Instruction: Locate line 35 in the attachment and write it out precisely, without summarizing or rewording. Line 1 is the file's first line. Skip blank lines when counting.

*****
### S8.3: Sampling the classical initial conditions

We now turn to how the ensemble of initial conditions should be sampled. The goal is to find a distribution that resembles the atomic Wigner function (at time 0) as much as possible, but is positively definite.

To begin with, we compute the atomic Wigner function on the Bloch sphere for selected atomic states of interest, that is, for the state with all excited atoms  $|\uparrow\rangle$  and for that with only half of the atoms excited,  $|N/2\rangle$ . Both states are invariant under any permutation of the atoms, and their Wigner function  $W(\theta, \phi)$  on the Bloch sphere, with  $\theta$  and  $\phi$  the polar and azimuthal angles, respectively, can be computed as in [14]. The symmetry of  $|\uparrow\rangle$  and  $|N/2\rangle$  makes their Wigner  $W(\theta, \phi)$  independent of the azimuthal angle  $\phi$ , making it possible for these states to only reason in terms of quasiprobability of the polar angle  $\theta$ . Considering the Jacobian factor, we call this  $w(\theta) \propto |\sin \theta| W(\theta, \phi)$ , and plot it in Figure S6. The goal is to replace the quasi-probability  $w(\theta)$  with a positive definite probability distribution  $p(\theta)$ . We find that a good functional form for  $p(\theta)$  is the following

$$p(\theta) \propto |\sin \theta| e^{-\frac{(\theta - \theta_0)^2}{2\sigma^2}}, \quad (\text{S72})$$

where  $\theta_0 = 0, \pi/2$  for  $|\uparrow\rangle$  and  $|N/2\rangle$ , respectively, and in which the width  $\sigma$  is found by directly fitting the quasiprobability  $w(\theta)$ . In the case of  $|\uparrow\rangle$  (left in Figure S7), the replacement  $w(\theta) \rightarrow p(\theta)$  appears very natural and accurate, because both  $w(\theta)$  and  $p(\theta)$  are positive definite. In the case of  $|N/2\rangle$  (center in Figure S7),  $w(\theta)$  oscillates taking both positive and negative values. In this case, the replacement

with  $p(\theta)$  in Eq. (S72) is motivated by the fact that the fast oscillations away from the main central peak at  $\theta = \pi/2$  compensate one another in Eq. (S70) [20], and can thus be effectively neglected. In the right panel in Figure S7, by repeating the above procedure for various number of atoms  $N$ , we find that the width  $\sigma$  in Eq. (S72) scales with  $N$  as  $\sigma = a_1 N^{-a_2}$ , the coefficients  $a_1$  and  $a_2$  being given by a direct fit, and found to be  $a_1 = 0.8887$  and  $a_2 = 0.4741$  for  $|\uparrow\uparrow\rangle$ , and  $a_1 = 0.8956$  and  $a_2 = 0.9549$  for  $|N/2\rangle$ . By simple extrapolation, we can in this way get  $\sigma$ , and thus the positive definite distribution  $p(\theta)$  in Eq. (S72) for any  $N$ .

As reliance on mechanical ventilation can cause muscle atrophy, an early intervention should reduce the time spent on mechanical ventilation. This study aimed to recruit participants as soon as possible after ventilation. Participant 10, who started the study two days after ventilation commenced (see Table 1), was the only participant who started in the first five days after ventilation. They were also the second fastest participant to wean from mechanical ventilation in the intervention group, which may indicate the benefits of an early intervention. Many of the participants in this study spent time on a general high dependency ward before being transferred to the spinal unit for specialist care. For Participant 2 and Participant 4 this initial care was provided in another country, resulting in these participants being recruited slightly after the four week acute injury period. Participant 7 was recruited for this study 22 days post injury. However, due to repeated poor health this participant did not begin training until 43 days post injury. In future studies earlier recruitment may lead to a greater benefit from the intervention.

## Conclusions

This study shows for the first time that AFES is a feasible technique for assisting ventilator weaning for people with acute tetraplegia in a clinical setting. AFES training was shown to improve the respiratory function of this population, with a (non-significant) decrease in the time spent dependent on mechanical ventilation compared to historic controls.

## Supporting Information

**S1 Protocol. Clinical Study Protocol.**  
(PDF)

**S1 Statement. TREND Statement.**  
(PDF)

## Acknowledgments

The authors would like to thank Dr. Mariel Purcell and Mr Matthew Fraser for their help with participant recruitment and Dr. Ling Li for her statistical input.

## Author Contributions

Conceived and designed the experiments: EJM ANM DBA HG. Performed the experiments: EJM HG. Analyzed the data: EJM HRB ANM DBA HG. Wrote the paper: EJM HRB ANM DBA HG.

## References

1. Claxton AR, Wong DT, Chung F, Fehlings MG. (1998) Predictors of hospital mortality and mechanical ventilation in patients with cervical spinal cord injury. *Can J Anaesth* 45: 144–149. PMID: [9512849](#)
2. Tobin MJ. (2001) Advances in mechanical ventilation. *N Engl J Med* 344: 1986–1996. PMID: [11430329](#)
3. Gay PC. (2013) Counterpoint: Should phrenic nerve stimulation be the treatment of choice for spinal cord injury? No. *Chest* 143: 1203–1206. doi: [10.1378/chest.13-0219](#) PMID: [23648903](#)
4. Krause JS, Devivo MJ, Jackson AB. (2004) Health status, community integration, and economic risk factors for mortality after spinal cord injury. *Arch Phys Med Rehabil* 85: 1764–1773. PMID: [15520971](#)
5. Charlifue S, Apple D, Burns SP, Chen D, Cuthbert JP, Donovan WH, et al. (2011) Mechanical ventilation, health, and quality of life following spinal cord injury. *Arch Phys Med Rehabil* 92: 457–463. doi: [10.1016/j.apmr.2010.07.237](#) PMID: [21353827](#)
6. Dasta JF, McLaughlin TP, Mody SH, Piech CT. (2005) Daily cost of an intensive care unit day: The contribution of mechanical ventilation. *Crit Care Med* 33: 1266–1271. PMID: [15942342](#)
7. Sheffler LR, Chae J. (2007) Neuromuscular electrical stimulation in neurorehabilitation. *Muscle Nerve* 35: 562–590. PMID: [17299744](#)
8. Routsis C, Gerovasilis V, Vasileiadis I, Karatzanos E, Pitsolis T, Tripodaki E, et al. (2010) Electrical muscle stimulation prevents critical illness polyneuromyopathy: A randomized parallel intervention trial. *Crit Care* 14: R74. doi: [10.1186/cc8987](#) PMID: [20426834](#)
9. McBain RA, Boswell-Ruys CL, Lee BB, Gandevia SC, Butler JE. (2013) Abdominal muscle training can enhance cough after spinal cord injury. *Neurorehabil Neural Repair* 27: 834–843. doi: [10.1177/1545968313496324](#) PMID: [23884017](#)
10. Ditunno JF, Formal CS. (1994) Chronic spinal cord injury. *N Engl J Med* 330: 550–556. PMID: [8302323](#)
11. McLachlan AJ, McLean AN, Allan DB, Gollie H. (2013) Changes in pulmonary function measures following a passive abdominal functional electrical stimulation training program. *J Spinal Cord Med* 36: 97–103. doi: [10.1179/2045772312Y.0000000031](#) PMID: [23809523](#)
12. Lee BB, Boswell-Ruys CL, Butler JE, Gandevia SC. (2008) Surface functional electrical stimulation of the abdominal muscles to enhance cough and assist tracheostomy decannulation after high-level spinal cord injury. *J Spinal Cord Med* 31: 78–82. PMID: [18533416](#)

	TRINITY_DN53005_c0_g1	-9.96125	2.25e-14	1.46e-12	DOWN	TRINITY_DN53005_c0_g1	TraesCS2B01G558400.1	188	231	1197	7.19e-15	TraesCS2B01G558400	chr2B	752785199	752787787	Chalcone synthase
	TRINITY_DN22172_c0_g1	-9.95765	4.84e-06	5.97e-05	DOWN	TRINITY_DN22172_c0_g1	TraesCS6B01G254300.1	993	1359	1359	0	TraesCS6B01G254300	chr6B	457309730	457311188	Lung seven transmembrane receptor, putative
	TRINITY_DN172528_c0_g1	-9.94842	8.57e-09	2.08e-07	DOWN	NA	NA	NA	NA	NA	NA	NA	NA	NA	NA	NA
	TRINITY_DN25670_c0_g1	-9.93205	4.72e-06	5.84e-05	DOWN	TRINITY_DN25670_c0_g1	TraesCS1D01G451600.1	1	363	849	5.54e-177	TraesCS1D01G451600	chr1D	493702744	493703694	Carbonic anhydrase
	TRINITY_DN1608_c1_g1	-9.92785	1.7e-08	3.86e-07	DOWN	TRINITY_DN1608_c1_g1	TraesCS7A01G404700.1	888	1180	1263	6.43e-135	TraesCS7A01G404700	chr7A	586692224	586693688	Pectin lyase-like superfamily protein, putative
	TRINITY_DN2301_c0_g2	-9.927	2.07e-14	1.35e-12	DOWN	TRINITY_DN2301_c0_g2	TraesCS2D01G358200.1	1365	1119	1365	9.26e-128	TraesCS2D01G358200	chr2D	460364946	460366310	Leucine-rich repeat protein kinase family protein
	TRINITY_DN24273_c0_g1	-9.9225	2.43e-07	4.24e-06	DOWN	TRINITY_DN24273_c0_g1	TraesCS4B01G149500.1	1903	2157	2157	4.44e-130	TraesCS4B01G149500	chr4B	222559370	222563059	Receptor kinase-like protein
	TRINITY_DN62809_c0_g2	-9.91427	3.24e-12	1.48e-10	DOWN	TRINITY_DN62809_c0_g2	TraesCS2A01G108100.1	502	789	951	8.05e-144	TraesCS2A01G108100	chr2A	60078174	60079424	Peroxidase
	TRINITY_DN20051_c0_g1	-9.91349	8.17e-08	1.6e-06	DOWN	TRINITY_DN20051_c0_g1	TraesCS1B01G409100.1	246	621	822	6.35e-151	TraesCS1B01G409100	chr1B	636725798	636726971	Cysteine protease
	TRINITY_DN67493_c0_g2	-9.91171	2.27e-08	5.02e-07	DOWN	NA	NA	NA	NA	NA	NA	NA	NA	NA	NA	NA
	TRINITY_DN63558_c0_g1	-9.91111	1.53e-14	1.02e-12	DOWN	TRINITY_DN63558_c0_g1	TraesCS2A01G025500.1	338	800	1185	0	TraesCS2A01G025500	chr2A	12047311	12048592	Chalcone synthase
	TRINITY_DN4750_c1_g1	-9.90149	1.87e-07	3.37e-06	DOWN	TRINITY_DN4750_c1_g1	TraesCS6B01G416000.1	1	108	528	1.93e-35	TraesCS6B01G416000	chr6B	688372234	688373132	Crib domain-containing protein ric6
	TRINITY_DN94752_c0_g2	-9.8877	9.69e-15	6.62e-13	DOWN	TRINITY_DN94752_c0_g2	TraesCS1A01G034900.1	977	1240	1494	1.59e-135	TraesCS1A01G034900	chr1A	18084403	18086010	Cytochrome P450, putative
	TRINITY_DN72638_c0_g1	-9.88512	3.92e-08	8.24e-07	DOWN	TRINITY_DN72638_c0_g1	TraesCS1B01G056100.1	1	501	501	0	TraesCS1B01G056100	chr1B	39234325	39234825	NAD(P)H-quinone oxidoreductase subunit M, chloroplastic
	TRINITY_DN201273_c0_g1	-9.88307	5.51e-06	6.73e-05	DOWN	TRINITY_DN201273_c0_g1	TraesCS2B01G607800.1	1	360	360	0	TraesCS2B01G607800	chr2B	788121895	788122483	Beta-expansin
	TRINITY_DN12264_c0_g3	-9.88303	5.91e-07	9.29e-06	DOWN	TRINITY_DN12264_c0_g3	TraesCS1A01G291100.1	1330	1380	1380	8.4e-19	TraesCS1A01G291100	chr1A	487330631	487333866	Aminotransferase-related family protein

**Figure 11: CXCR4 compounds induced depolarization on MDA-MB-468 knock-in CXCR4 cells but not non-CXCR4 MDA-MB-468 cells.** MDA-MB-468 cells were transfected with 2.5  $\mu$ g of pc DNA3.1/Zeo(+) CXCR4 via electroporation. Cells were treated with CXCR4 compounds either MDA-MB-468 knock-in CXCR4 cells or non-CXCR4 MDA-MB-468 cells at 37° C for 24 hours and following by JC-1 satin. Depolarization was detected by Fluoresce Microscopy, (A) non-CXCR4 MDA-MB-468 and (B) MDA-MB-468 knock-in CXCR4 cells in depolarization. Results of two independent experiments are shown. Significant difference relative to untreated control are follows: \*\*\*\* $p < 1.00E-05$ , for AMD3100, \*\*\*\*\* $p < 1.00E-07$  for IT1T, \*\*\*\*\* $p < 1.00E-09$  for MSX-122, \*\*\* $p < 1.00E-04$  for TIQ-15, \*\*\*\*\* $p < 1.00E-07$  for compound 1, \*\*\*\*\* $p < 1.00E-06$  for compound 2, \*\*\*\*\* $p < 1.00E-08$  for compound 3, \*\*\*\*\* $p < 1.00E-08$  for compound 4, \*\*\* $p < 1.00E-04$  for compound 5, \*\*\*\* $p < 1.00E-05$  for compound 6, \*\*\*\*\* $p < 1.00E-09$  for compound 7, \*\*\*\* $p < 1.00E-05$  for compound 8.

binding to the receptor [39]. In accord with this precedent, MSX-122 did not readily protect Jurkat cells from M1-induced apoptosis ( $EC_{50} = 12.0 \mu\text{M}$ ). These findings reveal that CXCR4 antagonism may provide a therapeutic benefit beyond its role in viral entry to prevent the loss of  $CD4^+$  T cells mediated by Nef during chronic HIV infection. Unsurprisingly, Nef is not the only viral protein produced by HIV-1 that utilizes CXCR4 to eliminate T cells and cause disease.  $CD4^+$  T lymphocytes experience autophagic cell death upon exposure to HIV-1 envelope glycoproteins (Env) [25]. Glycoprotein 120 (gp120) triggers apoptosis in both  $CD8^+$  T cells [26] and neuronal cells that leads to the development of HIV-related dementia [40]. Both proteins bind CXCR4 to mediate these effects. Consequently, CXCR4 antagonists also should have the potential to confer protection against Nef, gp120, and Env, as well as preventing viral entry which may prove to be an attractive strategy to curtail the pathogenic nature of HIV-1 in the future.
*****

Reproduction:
	TRINITY_DN25670_c0_g1	-9.93205	4.72e-06	5.84e-05	DOWN	TRINITY_DN25670_c0_g1	TraesCS1D01G451600.1	1	363	849	5.54e-177	TraesCS1D01G451600	chr1D	493702744	493703694	Carbonic anhydrase